On Tron: Legacy, we faced a legacy issue of our own – how to follow in the footsteps of one of the truly pioneering films of modern cinema, the original Tron. The original was not only cutting-edge in its use of computers in the design and making of the film, but also in its depiction of the future of our relationship to the whole digital world. Some 28 years later, much of the original’s visionary thinking came true. When we Legacy filmmakers thought about the issues we contemplate today – artificial intelligence, teleportation, digital avatars – we felt that Tron: Legacy had inherited an obligation to be forward-thinking as well. Having consulted The Science & Entertainment Exchange on Terminator: Salvation on questions of robotics and cyber-hacking, I was sure they’d be able to put together one of their famous think tanks and kick-start our imaginations in these areas. The session was amazing -- a merger of science and art – scientists and filmmakers riffing on far-out sci-fi subject matter, ultimately stimulating creative ideas we would not otherwise have considered without their scientific perspective and inspiration.

Why should film and television projects consider science advising? What is the advantage of using real science in film or television?

When someone wants to suggest that an idea is far-fetched, they’ll often say, “only in the movies”! But I find the opposite is true. Filmmakers are perpetually in desperate search of original ideas. But when we open ourselves up to exposure to ideas from outside our movie realm, the real imaginative stuff happens. One way of doing so is venturing into the realm of science. I find that my mind is expanded nearly every time I speak to a scientist about his field. They suggest ways of looking at the world that I wouldn’t have dared imagine. Maybe next time, when we want to describe something truly out-there, we should turn the old adage around and say, “only in science”! Hopefully, the real science filmmakers apply in the creative process will be equally inspiring to the filmgoer.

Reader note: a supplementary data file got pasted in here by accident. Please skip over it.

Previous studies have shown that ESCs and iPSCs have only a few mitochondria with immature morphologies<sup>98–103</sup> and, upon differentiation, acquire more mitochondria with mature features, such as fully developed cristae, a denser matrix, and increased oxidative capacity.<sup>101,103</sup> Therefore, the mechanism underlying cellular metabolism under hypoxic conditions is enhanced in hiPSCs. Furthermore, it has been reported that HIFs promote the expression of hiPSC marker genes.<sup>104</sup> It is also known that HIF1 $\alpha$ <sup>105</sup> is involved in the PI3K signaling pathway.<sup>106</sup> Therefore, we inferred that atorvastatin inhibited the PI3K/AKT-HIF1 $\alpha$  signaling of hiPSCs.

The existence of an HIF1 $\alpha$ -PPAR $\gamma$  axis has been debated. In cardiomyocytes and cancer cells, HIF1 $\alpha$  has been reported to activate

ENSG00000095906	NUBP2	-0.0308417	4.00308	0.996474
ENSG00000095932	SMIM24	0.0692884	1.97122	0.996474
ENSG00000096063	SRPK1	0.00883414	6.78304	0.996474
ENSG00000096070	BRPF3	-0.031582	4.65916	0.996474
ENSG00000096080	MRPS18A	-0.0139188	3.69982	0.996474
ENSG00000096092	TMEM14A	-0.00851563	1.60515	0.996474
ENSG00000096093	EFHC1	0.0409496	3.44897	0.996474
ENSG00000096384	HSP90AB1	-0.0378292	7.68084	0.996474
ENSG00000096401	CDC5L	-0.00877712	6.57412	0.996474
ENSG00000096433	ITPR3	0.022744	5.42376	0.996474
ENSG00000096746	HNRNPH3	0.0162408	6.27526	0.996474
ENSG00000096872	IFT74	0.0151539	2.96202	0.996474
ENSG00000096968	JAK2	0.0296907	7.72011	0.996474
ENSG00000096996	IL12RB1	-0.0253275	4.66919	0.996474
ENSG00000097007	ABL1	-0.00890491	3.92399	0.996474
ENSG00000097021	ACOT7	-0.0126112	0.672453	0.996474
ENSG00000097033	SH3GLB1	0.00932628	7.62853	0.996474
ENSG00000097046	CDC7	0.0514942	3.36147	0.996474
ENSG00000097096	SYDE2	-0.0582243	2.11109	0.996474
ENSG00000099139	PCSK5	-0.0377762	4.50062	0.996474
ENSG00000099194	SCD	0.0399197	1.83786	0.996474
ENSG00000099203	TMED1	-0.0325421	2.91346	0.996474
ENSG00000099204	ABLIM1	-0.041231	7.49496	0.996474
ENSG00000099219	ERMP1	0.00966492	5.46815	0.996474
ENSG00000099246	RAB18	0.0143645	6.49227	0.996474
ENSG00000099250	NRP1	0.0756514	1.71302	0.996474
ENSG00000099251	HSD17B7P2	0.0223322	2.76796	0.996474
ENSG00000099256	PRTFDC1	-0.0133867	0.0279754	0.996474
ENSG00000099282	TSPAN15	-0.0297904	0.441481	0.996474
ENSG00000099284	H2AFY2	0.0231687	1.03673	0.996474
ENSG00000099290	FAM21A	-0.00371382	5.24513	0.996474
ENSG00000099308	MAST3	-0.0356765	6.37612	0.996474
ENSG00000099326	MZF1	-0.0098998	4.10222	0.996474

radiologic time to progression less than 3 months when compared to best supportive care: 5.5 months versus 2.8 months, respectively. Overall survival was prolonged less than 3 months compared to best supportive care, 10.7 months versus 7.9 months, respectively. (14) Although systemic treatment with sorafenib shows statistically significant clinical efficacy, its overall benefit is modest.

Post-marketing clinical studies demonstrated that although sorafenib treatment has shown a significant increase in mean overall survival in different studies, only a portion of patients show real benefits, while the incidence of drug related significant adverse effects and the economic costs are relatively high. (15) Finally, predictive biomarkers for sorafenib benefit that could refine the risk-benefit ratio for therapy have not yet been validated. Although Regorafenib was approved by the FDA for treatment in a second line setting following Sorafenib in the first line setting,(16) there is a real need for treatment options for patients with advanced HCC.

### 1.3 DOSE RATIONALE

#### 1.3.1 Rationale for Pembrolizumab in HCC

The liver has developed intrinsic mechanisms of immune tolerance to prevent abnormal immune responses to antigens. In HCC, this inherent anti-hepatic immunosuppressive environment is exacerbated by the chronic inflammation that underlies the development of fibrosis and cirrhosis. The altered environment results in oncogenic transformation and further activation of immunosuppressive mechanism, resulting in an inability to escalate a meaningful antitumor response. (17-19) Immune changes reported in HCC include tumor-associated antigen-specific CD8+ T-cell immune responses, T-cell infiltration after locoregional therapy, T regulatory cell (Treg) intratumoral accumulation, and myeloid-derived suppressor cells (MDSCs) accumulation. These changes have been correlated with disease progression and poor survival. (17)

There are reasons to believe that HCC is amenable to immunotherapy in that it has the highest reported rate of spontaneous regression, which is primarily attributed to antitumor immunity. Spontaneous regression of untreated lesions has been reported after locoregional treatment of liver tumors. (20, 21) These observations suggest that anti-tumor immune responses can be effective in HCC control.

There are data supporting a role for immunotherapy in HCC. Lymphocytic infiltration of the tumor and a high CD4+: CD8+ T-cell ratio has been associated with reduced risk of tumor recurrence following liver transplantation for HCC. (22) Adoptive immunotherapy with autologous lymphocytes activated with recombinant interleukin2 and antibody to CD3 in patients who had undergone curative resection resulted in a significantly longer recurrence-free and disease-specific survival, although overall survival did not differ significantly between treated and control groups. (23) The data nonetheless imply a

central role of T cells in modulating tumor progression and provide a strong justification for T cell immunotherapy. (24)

What was your favorite memory of making Tron: Legacy? Did you have a favorite character or scene?

One of my favorite moments in making Tron: Legacy was when I brought Jeff Bridges to do his digital body scan at Gentle Giant (a digital scanning facility in the Valley). As he stood there in his “onesie,” preparing to subject himself to the scanning laser that would record his every physical nuance, he said to me, “Its crazy, we’re sitting here in a tractor-trailer in a parking lot behind a Von’s Supermarket, doing exactly what [the original] Tron suggested the future would be like – getting scanned into a computer. Somehow, I pictured it would be a lot cooler, man!” We had a good laugh about that!

Thinking of the next generation of filmmakers and scientists – what message would you like to share with them?

The real interesting stuff in science happens where the disciplines cross – astrobiology, biomimetics, bioinformatics, nanotech – where people from disparate fields bring a different way of thinking to a problem. When that happens, sparks fly! So, my advice to filmmakers would be to go beyond references to earlier films and works of art, and reflect on other fields, including science. Reflect on cultures outside your own. And continue to expand the technical boundaries of storytelling. Think about immersive experiences – think holodecks!